Oil prices fell about 3 per cent on Monday on rising US oil production and waning confidence that the US and China will soon end the trade war between the world’s two largest economies. Equinor photo by Øyvind-Hagen.

“We’re seeing oil prices really start to break down”: RJO Futures senior market strategist

Oil prices took a tumble on Monday on data showing an increase in US crude drilling as well as waning confidence that the US and China will end the ongoing trade war.

By 2:55 p.m., EST, benchmark Brent crude futures had fallen 2.92 per cent or $1.80 to $59.79/barrel.  US West Texas Intermediate crude futures dropped 3.17 per cent or $1.70 to $51.99/barrel.

“We’re seeing oil prices really start to break down here,” Phillip Streible, senior market strategist at RJO Futures told Reuters. “One of the factors that played in is the rising rig count that we saw on Friday.”

Baker Hughes released its weekly oil rig count on Friday which showed US drillers added 10 oil rigs last week, bringing the total number of rigs to 862.  Traders said rising US crude production has negatively impacted market sentiment.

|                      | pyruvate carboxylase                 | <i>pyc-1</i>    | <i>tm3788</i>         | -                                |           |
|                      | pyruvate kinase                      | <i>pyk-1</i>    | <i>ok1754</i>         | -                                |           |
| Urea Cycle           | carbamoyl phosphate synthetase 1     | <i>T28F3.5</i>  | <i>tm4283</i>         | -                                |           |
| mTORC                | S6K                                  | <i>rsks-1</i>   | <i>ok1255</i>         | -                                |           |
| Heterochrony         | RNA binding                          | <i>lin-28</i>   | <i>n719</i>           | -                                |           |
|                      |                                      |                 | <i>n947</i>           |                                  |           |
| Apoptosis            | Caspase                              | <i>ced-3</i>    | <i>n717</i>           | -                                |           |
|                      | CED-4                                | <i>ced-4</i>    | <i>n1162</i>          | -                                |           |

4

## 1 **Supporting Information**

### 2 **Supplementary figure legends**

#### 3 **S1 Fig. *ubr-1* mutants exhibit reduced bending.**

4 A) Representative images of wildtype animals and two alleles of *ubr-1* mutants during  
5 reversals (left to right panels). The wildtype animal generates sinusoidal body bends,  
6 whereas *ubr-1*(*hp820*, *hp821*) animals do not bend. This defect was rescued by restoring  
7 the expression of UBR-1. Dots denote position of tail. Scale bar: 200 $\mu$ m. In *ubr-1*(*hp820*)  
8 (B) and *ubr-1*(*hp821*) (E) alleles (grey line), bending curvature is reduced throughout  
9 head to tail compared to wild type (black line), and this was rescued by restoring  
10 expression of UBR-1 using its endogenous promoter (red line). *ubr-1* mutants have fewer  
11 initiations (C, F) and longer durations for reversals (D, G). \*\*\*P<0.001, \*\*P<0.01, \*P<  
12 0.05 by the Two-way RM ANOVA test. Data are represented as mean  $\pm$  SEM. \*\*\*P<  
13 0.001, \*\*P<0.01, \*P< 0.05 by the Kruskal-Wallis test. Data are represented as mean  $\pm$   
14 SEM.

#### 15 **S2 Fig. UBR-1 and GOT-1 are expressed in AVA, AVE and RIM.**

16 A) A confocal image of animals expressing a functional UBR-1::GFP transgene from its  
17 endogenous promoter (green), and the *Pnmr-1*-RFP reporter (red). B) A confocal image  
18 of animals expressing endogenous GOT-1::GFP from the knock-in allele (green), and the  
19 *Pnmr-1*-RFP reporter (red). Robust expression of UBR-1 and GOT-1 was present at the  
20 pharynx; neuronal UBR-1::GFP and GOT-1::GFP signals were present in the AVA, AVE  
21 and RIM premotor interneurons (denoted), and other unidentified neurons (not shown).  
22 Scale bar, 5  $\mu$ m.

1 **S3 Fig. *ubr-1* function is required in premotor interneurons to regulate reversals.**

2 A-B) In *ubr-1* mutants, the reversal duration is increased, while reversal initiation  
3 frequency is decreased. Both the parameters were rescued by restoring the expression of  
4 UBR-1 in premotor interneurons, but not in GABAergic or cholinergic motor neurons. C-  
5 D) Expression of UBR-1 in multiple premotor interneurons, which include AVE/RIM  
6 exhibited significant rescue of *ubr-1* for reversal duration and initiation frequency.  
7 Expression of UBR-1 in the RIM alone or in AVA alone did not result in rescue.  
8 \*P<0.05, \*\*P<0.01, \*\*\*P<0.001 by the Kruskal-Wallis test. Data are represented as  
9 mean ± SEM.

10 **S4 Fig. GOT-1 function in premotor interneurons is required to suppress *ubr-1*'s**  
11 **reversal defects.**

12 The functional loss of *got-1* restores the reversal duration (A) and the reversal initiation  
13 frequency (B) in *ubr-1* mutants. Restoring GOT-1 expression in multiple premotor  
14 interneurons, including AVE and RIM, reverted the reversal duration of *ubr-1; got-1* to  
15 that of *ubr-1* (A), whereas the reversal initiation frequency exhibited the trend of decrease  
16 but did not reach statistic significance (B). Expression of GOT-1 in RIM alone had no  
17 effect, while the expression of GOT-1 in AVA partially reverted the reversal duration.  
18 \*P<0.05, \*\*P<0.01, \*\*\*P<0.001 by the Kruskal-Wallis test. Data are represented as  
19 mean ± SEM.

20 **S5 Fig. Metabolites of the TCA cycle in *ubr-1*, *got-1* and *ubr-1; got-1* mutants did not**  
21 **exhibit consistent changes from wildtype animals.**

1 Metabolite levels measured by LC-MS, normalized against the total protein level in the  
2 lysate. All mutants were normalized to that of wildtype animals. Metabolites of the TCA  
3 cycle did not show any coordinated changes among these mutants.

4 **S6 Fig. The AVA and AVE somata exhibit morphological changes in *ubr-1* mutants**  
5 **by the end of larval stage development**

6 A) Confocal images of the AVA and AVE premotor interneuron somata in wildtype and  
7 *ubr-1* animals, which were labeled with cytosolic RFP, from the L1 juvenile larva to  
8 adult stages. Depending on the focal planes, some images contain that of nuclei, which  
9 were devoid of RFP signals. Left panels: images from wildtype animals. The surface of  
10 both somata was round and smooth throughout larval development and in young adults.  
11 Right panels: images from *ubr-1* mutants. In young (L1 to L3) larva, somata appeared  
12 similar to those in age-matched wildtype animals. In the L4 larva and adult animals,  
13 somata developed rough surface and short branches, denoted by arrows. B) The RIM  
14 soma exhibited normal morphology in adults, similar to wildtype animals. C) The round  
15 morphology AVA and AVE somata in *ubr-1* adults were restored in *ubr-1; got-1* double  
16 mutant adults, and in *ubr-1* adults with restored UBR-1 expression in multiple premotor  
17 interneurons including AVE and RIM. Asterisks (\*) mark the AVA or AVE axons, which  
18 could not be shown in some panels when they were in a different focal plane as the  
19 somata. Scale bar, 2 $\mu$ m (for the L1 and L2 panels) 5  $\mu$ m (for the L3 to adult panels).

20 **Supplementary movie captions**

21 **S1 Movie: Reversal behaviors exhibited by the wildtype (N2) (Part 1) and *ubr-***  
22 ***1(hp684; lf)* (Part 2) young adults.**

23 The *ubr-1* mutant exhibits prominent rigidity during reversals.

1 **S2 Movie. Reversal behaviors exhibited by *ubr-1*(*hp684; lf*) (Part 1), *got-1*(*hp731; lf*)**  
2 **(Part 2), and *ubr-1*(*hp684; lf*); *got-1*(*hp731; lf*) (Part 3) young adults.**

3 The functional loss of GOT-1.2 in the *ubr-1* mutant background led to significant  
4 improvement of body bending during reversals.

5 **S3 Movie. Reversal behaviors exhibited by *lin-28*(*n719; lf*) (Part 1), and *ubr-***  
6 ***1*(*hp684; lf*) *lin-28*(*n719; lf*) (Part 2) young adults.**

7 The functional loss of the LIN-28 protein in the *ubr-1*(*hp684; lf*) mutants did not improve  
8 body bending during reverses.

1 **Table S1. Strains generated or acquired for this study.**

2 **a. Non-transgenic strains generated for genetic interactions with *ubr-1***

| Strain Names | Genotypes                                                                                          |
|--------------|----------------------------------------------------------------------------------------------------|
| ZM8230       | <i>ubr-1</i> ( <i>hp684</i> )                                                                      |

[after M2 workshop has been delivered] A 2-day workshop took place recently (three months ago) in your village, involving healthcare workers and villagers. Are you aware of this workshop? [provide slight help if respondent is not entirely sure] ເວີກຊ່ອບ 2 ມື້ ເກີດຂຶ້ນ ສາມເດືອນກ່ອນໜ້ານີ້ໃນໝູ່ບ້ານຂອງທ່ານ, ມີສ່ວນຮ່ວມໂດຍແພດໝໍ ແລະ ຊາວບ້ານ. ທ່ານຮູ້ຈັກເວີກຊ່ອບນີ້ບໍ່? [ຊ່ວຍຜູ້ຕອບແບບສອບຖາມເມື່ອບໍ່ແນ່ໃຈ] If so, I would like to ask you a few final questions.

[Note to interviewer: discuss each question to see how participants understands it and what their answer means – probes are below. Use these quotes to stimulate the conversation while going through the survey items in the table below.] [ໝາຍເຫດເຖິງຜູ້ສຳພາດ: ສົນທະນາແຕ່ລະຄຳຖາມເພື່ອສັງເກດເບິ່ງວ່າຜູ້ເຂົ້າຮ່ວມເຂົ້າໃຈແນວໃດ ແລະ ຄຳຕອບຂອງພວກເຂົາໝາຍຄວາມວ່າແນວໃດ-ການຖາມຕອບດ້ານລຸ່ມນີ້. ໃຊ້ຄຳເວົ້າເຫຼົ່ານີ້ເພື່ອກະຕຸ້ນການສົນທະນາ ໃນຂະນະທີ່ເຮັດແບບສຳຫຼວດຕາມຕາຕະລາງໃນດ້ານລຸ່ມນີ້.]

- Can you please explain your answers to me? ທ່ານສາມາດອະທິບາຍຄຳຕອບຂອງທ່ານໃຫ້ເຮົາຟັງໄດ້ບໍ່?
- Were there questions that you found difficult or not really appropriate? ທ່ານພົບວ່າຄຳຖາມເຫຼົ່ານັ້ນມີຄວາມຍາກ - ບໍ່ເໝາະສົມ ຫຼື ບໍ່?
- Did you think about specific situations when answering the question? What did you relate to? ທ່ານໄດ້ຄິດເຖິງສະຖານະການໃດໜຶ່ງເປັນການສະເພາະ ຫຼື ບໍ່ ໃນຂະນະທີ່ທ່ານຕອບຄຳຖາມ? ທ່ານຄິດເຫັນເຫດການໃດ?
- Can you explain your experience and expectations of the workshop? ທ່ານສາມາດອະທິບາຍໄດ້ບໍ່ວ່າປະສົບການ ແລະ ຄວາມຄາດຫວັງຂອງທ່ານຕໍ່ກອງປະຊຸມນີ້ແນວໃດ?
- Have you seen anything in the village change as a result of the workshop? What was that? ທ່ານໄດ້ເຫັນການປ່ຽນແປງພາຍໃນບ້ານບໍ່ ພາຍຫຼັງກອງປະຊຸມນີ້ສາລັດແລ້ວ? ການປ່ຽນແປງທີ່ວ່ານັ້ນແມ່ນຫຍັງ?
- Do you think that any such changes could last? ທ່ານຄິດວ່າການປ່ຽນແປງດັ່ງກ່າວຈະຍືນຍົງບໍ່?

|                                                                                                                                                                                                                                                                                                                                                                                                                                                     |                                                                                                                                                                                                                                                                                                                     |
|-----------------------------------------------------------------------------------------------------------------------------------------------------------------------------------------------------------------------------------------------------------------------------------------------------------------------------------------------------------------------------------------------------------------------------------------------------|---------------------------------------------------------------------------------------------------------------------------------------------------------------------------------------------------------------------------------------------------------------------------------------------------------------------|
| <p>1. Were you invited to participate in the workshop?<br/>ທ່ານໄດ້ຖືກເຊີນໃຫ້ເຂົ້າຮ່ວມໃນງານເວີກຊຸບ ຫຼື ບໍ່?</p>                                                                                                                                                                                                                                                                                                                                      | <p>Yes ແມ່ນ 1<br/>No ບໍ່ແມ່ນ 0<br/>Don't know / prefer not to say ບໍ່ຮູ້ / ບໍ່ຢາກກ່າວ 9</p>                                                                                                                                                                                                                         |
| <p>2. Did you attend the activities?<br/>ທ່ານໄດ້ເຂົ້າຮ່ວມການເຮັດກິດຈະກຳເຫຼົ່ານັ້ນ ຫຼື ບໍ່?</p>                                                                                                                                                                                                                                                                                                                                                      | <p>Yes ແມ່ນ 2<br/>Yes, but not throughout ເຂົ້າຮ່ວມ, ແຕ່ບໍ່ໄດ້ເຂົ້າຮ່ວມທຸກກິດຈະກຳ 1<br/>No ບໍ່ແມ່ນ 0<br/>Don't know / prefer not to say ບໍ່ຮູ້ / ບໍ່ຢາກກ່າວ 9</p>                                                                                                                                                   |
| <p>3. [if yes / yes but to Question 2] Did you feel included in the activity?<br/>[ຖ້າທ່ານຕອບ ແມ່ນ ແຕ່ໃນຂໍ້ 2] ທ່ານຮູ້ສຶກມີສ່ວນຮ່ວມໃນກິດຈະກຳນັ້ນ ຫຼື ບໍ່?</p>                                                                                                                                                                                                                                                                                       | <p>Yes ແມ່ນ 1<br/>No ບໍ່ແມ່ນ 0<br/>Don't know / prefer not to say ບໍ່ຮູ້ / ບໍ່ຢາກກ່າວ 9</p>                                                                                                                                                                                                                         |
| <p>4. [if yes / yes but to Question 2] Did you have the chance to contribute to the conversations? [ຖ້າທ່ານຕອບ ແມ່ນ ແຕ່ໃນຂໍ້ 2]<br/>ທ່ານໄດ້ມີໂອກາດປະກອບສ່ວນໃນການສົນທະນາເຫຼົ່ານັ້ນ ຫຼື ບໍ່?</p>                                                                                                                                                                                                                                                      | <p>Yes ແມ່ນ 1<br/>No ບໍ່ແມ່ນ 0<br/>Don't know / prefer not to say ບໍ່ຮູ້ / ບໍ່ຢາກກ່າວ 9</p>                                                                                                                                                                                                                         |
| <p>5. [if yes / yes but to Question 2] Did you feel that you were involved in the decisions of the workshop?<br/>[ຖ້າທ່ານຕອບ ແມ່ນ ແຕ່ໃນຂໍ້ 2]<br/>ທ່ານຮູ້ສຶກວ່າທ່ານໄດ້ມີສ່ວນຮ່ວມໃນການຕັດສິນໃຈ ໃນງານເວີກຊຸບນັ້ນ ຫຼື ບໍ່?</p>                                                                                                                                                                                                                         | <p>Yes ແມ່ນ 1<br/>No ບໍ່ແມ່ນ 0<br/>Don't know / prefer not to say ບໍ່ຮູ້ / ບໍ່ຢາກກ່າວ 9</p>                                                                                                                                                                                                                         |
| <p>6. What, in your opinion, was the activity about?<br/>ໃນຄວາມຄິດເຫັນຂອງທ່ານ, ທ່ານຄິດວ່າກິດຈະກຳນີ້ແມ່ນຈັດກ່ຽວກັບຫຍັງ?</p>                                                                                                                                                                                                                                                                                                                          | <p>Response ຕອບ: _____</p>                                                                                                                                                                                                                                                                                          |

Scandinavian bank SEB cut its oil price forecast from $85/barrel to $65/barrel.  The bank said weakening demand in 2019 and 2020 and rising US production were the reasons for the drop in expected oil prices.

Along with supply concerns, the ongoing trade war between the Trump administration and China is pulling down oil prices.  Investors have lost confidence that the two sides will soon end the dispute which has taken its toll on China’s economy.

Despite the gloom, crude futures are still on course for their strongest monthly gains in over two years after OPEC announced another round of supply cuts in early January.  Also, robust trade in physical barrels of crude by China helped boost crude futures.

So far in January, Brent futures are up almost 12 per cent.  If this holds, it would be the largest monthly percentage increase since December 2016.  US WTI is up over 13 per cent this month.  This is the biggest increase since April 2016 when it soared almost 20 per cent.

Data from InterContinental Exchange shows that in January, investors have added bets on sustained rising oil prices for the first time since September.

Much of the demand outlook, however, hinges on China and whether its refiners will continue to import oil at 2018 levels.

In December, industrial companies in China reported a second monthly fall in earnings, despite Beijing’s efforts to support borrowing and investment.